Words in the Dust, by Trent Reedy
Themes: Afghanistan; war; childhood.
Synopsis: Words in the Dust is told from the viewpoint of a young Afghan girl, Zulaikha. The story only recalls 18 months of her life, but this period is hugely seminal and life-changing for her. Zulaikha’s story is mainly driven by her misfortune of being born with a cleft-lip which distorts her mouth, nose and teeth. Zulaikha’s deformity has brought her a life of misery and suffering.
Early in the story, Zulaikha runs into an American tank and sees American soldiers for the first time. An American soldier sees her cleft-lip and takes pity on her. As a result, the US Captain pursues Zulaikha and offers to facilitate a trip for Zulaikha to undergo corrective surgery.
This begins an emotionally exhausting journey for Zulaikha as her hopes are raised and then dashed. Alongside this thread runs the story of Zulaikha’s sister being set up in an arranged marriage to a man older than her own father. Whilst these two plot lines unfurl, there is a third significant narrative. That is Zulaikha discovering the beauty of ancient Afghan literature and poetry and breaking free from her illiteracy.
I chose to read this book because it is set in Afghanistan. I have been very moved by other children’s books set in Afghanistan (Boy Overboard, The Breadwinner, The Kite Runner) and I love learning about this fascinating country through stories. Zulaikha is an original heroine – there are not many stories where the narrator suffers from a physical deformity. And Zulaikha is surely a heroine. Her character is humble, kind, generous and determined.
The author, Trent Reedy, was a US soldier serving in Afghanistan in 2004. It was his experience there that inspired Zulaikha’s story. In the author’s note, Reedy explains that whilst he was stationed in western Afghanistan, one of the soldiers saw a young girl with a cleft lip and decided to try and offer her corrective surgery.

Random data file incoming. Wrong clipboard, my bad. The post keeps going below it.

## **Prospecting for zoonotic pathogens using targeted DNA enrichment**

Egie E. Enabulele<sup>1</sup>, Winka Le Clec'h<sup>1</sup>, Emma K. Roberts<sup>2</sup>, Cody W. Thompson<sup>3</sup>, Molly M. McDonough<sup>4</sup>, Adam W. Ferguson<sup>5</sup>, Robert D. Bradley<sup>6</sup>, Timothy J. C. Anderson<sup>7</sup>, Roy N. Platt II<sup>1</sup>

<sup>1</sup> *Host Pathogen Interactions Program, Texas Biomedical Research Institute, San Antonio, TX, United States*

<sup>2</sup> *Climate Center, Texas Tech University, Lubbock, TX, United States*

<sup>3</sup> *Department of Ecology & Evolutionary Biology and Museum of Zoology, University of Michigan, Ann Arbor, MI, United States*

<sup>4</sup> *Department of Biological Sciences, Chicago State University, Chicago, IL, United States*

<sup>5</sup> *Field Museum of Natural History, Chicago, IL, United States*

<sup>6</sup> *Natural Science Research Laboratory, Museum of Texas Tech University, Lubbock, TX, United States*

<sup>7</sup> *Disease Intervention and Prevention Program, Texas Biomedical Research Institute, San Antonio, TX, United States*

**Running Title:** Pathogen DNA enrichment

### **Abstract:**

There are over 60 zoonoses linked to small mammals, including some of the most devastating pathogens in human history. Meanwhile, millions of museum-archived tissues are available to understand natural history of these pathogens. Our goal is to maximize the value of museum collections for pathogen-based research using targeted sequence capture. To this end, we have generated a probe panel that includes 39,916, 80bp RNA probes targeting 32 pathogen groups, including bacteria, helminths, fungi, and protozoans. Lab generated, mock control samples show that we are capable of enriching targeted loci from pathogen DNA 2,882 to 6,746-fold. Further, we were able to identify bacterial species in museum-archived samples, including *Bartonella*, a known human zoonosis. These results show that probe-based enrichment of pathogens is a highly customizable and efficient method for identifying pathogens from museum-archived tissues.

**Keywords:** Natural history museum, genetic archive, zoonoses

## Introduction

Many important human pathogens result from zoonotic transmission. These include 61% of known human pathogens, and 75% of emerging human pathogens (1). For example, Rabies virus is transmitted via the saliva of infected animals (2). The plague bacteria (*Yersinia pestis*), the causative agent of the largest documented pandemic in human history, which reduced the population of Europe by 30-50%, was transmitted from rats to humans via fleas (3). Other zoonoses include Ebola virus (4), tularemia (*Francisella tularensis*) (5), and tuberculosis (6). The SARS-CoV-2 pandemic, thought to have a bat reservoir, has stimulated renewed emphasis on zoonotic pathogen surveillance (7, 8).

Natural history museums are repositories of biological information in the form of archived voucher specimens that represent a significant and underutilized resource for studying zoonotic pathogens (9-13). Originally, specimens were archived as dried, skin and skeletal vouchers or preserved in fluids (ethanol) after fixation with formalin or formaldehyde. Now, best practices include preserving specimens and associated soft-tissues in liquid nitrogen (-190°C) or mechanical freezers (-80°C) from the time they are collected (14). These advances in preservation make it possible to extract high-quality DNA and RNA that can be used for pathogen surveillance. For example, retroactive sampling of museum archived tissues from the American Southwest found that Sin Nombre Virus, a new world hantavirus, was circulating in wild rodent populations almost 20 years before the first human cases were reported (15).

Reading Words in the Dust, I would never have guessed that it was written by a male US soldier. Trent Reedy imagines life from Zulaikha’s view point in a hugely vivid and convincing way. The author says that in addition to his time spent in Afghanistan, he also carried out a great deal of research into the country – its people, culture and history. This was certainly well invested research, for the book is overflowing with the grit and reality of life in Afghanistan.
I feel as though I have been a ‘fly on the wall’ in Zulaikha’s household. I have grown to understand their male-dominated culture where women and men do not mix; a culture where a wife does not meet her husband until her wedding day; I saw Zulaikha’s father sweat and toil to earn an income and escape the clutches of poverty; I saw a country whose children have only ever known their country at war, and who have witnessed horrendous violence and brutality.
And yet, in a war-torn country, there is a sacred heritage of rich literature. When Zulaikha fortuitously meets Meena, an old friend of Zulaikha’s dead mother, a journey of discovery begins. Zulaikha continues to meet Meena in secret to learn how to read and write the exquisite Farsi script and recite the 1000 year old tales of Afghan poets. The snippets of poetry that are included in the story have left me wanting to find out more about this ancient literature.
Words in the Dust is my favourite type of book – one that teaches me so much but where the story is so compelling that I do not realise I am learning. There is much that contributes to this compelling nature. Already mentioned is the original viewpoint – an Afghan girl suffering from a cleft lip. In addition to Zulaikha, the other characters are also rich and varied. One particular character has a surprising twist, showing unexpected depth and complexity. Alongside these rich characters, the plot is filled with emotionally-charged events set against the fascinating backdrop of Afghanistan.
It is worth saying that it took me a couple of chapters to become fully immersed in Words in the Dust. Perhaps this was due to adjusting to a world that was wholly different to my own, with unfamiliar names and settings. However, it is hugely worthwhile to persevere, for the reader will soon be spellbound by this deeply moving and impacting story.